dr Hanna Dziczek-Karlikowska
Phonology and Phonetics – year I
LECTURE I - INTRODUCTORY INFORMATION
PHONETICS and PHONOLOGY
TWO SUBDISCIPLINES IN LINGUISTICS WHICH DEAL WITH SOUNDS
1. LINGUISTICS: the scientific study of language and its structure. There are broadly three aspects to the study: language form, language meaning, and language in context.
APPLIED Anthropological linguistics
Computational linguistics Comparative linguistics
Forensic linguistics Historical linguistics
Evolutionary linguistics Sociolinguistics
2nd language acquisition
Provides objective ways of describing and analysing the range of sounds humans use in their languages, that is, it is concerned with the physical properties of sounds, i.e. phones. Branches of phonetics: articulatory, acoustic and auditory.
a. Articulatory phonetics: identifies precisely which speech organs and muscles are involved in producing the different sounds of the world’s languages; b. Acoustic phonetics: the study of speech as it travels through the air in the form of sound waves; c. Auditory phonetics: the study of how sounds are perceived by the hearer’s ears and brain.
It studies the way speech sounds are organised into patterns and systems in a particular language. 4. PHONETICS vs. PHONOLOGY
Phonetics: more concrete field of study than phonology; itis concerned with more detailed, physical description of speech sounds. Phonology: more abstract field of study than phonetics; it is concerned with the functioning of speech sounds as part of a system within a language and the relationships between them. Phonology tries to answer the following questions:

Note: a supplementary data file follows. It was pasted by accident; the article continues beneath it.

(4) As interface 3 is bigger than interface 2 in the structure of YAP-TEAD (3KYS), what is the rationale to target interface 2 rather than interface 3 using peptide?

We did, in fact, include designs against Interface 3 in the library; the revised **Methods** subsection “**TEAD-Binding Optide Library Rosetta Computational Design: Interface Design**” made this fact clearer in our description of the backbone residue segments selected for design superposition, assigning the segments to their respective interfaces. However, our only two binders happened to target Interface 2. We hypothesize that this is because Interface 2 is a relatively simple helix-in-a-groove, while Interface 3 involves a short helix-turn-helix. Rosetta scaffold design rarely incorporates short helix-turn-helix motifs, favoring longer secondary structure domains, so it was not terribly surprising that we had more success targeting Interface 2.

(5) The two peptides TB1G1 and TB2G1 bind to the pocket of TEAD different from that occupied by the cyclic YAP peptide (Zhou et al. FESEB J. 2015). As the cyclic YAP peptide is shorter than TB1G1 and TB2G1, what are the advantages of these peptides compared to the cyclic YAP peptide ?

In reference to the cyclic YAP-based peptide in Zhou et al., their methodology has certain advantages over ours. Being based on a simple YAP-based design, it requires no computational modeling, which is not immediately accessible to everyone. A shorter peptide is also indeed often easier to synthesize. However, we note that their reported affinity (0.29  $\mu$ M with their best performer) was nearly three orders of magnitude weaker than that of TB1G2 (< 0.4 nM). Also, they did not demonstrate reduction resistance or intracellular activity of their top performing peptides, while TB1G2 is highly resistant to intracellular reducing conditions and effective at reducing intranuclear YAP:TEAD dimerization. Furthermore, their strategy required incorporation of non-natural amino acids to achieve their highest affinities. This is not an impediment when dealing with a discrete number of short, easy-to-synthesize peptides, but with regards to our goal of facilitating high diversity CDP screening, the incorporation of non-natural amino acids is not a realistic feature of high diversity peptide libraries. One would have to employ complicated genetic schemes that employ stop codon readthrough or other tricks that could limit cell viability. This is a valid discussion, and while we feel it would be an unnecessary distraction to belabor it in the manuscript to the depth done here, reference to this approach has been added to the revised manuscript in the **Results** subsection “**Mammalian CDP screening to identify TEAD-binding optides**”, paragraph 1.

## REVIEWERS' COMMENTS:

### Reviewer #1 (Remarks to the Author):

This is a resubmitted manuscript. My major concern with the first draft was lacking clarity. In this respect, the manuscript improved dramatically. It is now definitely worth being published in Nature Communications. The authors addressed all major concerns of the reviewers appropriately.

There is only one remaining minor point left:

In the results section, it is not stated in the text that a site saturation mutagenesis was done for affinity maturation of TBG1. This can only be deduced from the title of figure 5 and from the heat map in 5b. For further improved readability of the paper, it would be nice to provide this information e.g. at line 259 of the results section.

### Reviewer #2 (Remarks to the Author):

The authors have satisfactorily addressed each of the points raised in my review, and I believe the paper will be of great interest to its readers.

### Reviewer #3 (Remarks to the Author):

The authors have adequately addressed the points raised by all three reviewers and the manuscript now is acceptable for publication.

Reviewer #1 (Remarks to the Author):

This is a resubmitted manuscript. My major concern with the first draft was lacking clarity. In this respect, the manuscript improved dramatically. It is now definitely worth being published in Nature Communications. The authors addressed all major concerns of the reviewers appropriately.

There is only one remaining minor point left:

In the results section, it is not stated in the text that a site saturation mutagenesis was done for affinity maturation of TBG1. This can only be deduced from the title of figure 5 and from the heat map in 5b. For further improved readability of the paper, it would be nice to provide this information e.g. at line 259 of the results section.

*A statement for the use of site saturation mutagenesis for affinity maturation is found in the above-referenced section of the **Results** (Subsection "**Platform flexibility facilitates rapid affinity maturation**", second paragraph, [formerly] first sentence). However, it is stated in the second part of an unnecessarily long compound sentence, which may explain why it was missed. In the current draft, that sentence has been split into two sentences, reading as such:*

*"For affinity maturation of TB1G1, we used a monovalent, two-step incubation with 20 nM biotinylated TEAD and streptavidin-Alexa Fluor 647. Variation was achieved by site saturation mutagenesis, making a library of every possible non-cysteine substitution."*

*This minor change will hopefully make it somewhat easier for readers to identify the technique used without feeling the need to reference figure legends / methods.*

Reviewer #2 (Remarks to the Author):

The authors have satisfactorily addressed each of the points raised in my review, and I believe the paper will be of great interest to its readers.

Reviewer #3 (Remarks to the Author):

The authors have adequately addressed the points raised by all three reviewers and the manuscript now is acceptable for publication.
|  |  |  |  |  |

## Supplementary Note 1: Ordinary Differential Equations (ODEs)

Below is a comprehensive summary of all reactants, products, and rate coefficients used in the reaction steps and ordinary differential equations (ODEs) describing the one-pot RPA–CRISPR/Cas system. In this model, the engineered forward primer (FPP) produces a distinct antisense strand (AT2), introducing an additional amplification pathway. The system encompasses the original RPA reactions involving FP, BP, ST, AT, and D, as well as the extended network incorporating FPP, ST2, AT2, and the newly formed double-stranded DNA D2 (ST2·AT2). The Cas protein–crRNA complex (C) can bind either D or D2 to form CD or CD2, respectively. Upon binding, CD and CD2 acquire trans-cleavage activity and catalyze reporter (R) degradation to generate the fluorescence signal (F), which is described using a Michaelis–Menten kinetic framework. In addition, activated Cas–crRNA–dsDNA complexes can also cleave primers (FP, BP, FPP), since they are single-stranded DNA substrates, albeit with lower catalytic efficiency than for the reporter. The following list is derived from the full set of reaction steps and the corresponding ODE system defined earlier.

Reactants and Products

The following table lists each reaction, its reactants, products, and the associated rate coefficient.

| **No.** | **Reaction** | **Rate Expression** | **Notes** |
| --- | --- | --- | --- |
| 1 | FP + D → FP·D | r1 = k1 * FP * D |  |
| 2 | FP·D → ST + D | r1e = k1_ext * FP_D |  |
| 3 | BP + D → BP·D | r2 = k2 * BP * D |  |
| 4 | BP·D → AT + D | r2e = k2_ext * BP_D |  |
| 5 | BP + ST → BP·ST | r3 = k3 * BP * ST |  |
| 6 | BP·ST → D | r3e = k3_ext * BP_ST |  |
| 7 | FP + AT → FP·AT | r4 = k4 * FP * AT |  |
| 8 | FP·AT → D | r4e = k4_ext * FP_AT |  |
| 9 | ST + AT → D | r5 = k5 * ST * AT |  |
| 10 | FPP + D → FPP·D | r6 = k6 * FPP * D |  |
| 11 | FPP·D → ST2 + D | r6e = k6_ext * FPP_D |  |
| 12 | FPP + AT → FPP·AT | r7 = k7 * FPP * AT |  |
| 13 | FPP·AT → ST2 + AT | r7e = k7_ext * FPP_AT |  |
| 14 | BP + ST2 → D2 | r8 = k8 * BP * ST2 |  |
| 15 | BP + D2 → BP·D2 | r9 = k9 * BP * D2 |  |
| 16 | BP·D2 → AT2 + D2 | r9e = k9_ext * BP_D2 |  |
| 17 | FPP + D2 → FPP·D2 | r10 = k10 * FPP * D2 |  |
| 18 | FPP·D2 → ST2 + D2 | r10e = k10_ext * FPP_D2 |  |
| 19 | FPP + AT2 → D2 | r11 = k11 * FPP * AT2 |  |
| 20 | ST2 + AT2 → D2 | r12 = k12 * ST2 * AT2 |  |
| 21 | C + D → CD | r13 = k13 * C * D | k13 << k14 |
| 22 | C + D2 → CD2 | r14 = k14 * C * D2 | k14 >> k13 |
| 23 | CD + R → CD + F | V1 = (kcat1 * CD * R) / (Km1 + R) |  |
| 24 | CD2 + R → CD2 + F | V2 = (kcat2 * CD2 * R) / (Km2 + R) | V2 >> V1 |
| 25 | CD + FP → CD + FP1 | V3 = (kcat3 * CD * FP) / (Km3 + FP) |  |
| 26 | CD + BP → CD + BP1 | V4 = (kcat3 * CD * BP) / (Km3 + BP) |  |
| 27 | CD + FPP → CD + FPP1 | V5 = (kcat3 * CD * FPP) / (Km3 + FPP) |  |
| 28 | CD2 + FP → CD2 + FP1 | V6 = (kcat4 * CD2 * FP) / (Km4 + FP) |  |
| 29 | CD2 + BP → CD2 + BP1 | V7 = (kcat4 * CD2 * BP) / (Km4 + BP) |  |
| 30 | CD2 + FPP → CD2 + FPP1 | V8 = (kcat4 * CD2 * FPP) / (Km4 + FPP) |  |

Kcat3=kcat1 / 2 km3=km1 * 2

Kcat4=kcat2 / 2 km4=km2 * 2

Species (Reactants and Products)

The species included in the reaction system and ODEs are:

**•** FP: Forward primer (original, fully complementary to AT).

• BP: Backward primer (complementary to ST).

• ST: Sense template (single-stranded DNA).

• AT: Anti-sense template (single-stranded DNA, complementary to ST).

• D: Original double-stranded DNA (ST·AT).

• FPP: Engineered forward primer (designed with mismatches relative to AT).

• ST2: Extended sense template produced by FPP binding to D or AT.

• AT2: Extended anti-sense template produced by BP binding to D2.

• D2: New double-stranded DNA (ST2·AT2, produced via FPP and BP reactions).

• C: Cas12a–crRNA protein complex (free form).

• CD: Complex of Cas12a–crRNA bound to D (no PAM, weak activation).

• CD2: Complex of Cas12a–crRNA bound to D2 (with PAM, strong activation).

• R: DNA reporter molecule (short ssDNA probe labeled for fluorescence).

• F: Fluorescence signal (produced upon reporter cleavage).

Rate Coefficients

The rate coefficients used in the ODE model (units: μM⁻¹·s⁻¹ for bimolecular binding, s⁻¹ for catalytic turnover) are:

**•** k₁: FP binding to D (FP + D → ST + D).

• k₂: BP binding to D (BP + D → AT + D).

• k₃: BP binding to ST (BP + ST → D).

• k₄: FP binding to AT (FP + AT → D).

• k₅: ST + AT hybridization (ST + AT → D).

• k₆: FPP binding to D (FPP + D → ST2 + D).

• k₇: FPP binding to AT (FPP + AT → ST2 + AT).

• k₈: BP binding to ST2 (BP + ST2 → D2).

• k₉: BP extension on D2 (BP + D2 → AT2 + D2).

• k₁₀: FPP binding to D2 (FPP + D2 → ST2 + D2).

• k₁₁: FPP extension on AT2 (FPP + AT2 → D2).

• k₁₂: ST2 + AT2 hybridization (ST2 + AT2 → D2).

How are the sound patterns of one language different from those of another language (phonotactics)?
Why do L2 learners have particular pronunciation problems (phonological processes)? How do the sound patterns of a language change over time or over geographical area?
5. RECEIVED PRONUNCIATION (RP)
Also known as: BBC English, Oxford English, Royal English, the Queen’s English Some prestige is still attached to this implicitly accepted social standard of pronunciation.
‘A pronunciation of British English, originally based on the speech of the upper class of southeastern England and characteristic of the English spoken at the public schools and at Oxford and Cambridge Universities’ (The American Heritage Dictionary of the English Language: 2000)
The term suggests that it is the result of a social judgment rather than of an official decision as to what is ‘correct’ or ‘wrong’. The first RP model of pronunciation was codified by Daniel S. Jones in Outline of English Phonetics, 1918 and English Pronouncing Dictionary, 1917.
6. TRANSCRIPTION OF ENGLISH
Phonetic symbols are used to represent sounds, e.g. the word ‘enough’ is written (transcribed) as /ɪnʌf/.
The list of phonetic symbols (phonemes) for British English ɪ as in ‘pit’ pɪt
i: as in ‘key’ ki:
e as in ‘pet’ pet
ɑ: as in ‘car’ kɑ:
æ as in ‘pat’ pæt
ɔ: as in ‘core’ kɔ:
ʌ as in ‘cup’ kʌp
u: as in ‘cool’ ku:l
ɒ as in ‘pot’ pɒt
ɜ: as in ‘first’ fɜ:st
ʊ as in ‘put’ pʊt
ə as in ‘upper’ ʌpə
eɪ as in ‘bay’ beɪ
əʊ as in ‘go’ gəʊ
aɪ as in ‘buy’ baɪ
aʊ as in ‘cow’ kaʊ
ɔɪ as in ‘boy’ bɔɪ
ɪə as in ‘peer’ pɪə
eəas in ‘fare’ feə
ʊəas in ‘poor’ pʊə
p as in ‘pea’ pi:
b as in‘bee’ bi:
t as in ‘toe’ təʊ
d as in ‘doe’ dəʊ
k as in ‘cap’ kæp
g as in ‘gap’gæp
f as in ‘fat’ fæt
v as in ‘vat’væt
ɵ as in ‘thing’ ɵɪŋ...
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